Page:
Now, the main question for me was, would I be able to focus more on the acting than on the technical aspects of the production while experiencing it for the second time from the pit? I was. Knowing a bit better where to stand in the concert to get a good spot afterwards, led me to always being right next to the stage in the first row, being as close to the actors as I’d ever been anywhere anytime before. This exhilarated me and kept me involved even more than the first time round. Now I started to appreciate the actors‘ performances even more.
Ben Whishaw’s Brutus displays vulnerability, intelligence (he reads a book about Stalin, nice touch!), nobility (in the best sense of the word) and determination. I also liked the tenderness he shows for Cassius (Michelle Fairley) and Lucius, his aide (Fred Fergus). I felt like I understood what was going on in his mind and heart (something I have struggled with with others of Shakespeare’s characters, most currently – and consistently – with Macbeth). It’s not by accident that Ben Whishaw has risen to the top so quickly! There were two particularly special moments for me regarding Ben: Once he came from behind in the crowd and pushed me aside a little to speak to Caesar from right next to me. Wow, it doesn’t get any closer than this, was what I thought! And then there was this slightly spooky moment before Caesar was killed. Caesar was speaking while the conspirators were still standing at the foot of the stairs leading to his throne. I first looked at Caesar, then at Brutus, who suddenly turned his head and looked right at me. It was a little bit disconcerting because his look was rather, hm, let’s say, strict. I felt as if I had done something to invoke Brutus‘ anger. Creepy but cool…
The choice to give Cassius a different gender and have her played by Michelle Fairley works perfectly. I must admit that I haven’t read the play nor had I seen another production before, so I can’t compare her performance to any other. I did like her emotional performance a lot – it brought me close to tears a number of times, most notably when she and Brutus meet for the last time and he denies her a hug. That hurts her so deeply and I could completely empathize with her. A truly mesmerizing performance!
As I now saw David Calder’s Caesar a lot better than the first time, I fell completely under his spell. David Calder is a god of acting! I could just watch his face for hours on end and it would keep me utterly enthralled. It is the first time that I saw him live on stage and I’m in awe of his greatness. I can’t put this in less cheesy-sounding words.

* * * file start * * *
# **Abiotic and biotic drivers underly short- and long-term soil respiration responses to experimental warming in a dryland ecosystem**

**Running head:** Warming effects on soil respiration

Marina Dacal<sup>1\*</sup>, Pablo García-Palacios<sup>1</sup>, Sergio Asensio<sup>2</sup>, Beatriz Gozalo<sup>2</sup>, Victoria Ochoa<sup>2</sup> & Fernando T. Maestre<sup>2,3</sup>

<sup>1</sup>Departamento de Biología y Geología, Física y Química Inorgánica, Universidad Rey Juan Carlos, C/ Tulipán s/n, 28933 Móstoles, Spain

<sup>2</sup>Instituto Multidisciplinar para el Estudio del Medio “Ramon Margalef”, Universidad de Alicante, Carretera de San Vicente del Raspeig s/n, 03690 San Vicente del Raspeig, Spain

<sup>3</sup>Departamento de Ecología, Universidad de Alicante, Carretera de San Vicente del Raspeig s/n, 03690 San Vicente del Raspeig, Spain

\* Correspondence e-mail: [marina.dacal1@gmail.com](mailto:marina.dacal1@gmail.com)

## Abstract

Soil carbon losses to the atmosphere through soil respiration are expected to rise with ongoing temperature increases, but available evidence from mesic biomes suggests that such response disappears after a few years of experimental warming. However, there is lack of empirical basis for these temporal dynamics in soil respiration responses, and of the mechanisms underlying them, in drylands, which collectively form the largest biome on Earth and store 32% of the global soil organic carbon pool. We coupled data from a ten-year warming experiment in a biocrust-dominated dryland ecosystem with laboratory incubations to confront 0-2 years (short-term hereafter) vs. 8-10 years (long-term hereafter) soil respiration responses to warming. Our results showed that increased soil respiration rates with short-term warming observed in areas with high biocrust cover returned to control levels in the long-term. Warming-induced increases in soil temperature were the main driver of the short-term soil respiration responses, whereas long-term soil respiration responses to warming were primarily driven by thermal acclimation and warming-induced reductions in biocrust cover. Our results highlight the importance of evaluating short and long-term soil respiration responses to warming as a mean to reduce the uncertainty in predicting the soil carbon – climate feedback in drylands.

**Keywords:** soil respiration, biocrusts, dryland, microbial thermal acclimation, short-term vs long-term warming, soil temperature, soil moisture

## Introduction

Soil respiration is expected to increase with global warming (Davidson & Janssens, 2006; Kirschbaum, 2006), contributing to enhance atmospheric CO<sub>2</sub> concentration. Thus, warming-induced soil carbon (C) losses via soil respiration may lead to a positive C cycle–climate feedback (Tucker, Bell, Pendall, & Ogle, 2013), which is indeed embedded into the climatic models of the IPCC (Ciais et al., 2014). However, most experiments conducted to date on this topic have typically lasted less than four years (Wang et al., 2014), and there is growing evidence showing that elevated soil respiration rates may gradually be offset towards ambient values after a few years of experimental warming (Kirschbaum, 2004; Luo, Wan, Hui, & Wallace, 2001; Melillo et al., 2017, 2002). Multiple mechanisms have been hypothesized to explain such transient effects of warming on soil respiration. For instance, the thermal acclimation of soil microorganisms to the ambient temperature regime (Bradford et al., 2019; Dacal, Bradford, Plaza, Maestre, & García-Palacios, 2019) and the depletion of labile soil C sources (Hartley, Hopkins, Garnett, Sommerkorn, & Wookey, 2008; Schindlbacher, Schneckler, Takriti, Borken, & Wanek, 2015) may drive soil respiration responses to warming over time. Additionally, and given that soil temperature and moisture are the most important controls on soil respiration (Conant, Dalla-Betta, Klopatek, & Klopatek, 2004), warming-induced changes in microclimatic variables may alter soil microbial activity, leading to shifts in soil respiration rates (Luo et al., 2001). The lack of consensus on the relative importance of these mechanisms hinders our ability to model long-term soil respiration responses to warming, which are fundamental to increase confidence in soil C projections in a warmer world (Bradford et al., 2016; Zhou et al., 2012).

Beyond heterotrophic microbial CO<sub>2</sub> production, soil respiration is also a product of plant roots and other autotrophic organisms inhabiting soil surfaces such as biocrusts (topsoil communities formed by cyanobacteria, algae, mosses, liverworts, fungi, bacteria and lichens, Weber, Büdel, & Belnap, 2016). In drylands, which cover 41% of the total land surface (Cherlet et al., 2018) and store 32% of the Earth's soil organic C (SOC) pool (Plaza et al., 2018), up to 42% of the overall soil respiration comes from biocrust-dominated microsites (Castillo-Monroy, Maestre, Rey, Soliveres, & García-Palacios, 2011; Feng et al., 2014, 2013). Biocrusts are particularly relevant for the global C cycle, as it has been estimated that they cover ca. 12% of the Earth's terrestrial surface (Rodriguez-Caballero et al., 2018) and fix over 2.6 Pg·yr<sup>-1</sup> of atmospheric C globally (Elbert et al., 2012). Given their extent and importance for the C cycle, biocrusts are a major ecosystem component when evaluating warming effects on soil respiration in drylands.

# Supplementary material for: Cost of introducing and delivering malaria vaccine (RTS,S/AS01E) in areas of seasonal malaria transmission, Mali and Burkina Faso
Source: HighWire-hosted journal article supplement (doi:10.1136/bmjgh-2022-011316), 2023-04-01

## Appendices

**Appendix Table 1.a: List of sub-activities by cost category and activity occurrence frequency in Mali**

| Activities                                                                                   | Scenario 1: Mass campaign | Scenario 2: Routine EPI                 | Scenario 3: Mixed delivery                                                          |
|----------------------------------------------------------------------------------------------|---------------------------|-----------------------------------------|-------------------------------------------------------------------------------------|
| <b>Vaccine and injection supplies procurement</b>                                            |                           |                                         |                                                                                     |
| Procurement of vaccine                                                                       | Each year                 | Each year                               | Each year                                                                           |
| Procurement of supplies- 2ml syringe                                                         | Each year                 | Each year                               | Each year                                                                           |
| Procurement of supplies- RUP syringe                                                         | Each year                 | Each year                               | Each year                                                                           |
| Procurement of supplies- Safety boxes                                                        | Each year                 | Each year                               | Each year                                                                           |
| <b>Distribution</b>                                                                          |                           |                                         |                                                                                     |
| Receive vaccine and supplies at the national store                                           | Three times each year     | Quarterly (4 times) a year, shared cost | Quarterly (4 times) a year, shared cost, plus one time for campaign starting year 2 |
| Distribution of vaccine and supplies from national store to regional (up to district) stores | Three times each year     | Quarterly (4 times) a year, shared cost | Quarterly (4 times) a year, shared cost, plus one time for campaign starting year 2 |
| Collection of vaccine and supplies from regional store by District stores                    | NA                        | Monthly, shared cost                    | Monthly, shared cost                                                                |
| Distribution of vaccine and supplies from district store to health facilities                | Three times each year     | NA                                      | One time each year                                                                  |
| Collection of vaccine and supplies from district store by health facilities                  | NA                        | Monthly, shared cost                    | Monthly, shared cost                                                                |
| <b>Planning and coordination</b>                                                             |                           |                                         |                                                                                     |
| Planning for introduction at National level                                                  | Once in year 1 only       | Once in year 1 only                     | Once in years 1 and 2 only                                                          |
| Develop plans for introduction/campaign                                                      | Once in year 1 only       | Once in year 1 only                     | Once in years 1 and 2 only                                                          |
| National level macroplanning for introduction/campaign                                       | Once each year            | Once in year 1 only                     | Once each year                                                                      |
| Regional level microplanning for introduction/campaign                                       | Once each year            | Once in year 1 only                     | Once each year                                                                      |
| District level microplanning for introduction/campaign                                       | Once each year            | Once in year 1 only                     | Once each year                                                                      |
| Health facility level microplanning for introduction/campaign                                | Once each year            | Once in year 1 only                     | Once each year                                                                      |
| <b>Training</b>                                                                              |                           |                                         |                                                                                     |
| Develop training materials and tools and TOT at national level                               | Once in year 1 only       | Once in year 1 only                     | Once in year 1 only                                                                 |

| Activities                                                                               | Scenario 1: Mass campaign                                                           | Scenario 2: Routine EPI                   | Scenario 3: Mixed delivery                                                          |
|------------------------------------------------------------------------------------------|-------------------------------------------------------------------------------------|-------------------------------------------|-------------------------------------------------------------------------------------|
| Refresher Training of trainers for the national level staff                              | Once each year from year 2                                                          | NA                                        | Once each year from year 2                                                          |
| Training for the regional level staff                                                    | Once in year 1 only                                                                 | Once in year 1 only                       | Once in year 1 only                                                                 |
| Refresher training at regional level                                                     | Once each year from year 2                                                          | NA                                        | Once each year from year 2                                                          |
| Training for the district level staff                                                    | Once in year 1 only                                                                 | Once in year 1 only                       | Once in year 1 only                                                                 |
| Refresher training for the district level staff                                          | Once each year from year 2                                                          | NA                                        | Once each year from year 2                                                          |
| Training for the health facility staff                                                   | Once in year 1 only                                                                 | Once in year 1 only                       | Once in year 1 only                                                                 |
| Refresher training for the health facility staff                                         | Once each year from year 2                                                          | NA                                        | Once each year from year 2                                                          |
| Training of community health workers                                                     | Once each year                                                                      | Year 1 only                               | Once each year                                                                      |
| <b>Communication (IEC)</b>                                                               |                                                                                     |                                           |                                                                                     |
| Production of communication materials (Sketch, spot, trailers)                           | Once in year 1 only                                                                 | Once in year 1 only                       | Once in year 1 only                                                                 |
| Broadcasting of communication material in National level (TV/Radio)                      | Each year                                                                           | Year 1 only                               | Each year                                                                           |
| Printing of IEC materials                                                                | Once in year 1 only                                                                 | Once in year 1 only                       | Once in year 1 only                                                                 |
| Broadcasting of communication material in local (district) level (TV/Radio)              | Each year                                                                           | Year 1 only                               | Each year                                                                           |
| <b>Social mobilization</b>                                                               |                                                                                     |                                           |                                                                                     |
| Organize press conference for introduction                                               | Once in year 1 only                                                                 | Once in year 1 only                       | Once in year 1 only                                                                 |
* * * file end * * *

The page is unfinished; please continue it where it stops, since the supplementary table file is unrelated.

Ah, David Morrissey! How I hated him as The Governor in The Walking Dead, to the point that I could not really separate the man from the role anymore. I even decided not to go see the NT LIVE broadcast of Hangmen (stupid me!!!) because I thought I couldn’t stand watching him for such a long time. Well, as I told David in the foyer after my third time, he’s cured me of my hatred of him. He’s incredibly good as Mark Antony, his best moments when he’s mourning Caesar. Bravo!
Possibly my favorite of all of them because she made me laugh every single time: Adjoa Andoh as Casca. The way she delivered her lines was so decidedly un-Shakespeare-like that I wanted to cheer every single line of hers! I’m glad I got the chance to tell her that in person. Even a single „No!‟ would elicit the audience’s laughter!
But also those with smaller roles kept me captivated. I have a particularly soft spot for the band members.
Fred Fergus is simply adorable as Lucius, he sometimes seems a bit clueless but then again he is the most loyal of Brutus‘ friends – literally till death. What made me appreciate Fred’s performance was especially a scene in which Brutus tells Cassius about the death of his wife Portia. Lucius is eaves-dropping and slowly falls apart as Brutus mentions (not in name but it is clear he means Lucius) that Lucius wasn’t there to prevent her from killing herself (the way I understood this line: „And, her attendants absent, swallow’d fire‟). In my second, third and fourth viewing I always ended up opposite Lucius in the scene and could never resist watching him becoming increasingly sad and despaired – while everyone else in the audience was watching Brutus and Cassius. (As a side note: Michelle Fairley is also fantastic in that scene!) And then: He sings himself to sleep! How can you not love this character?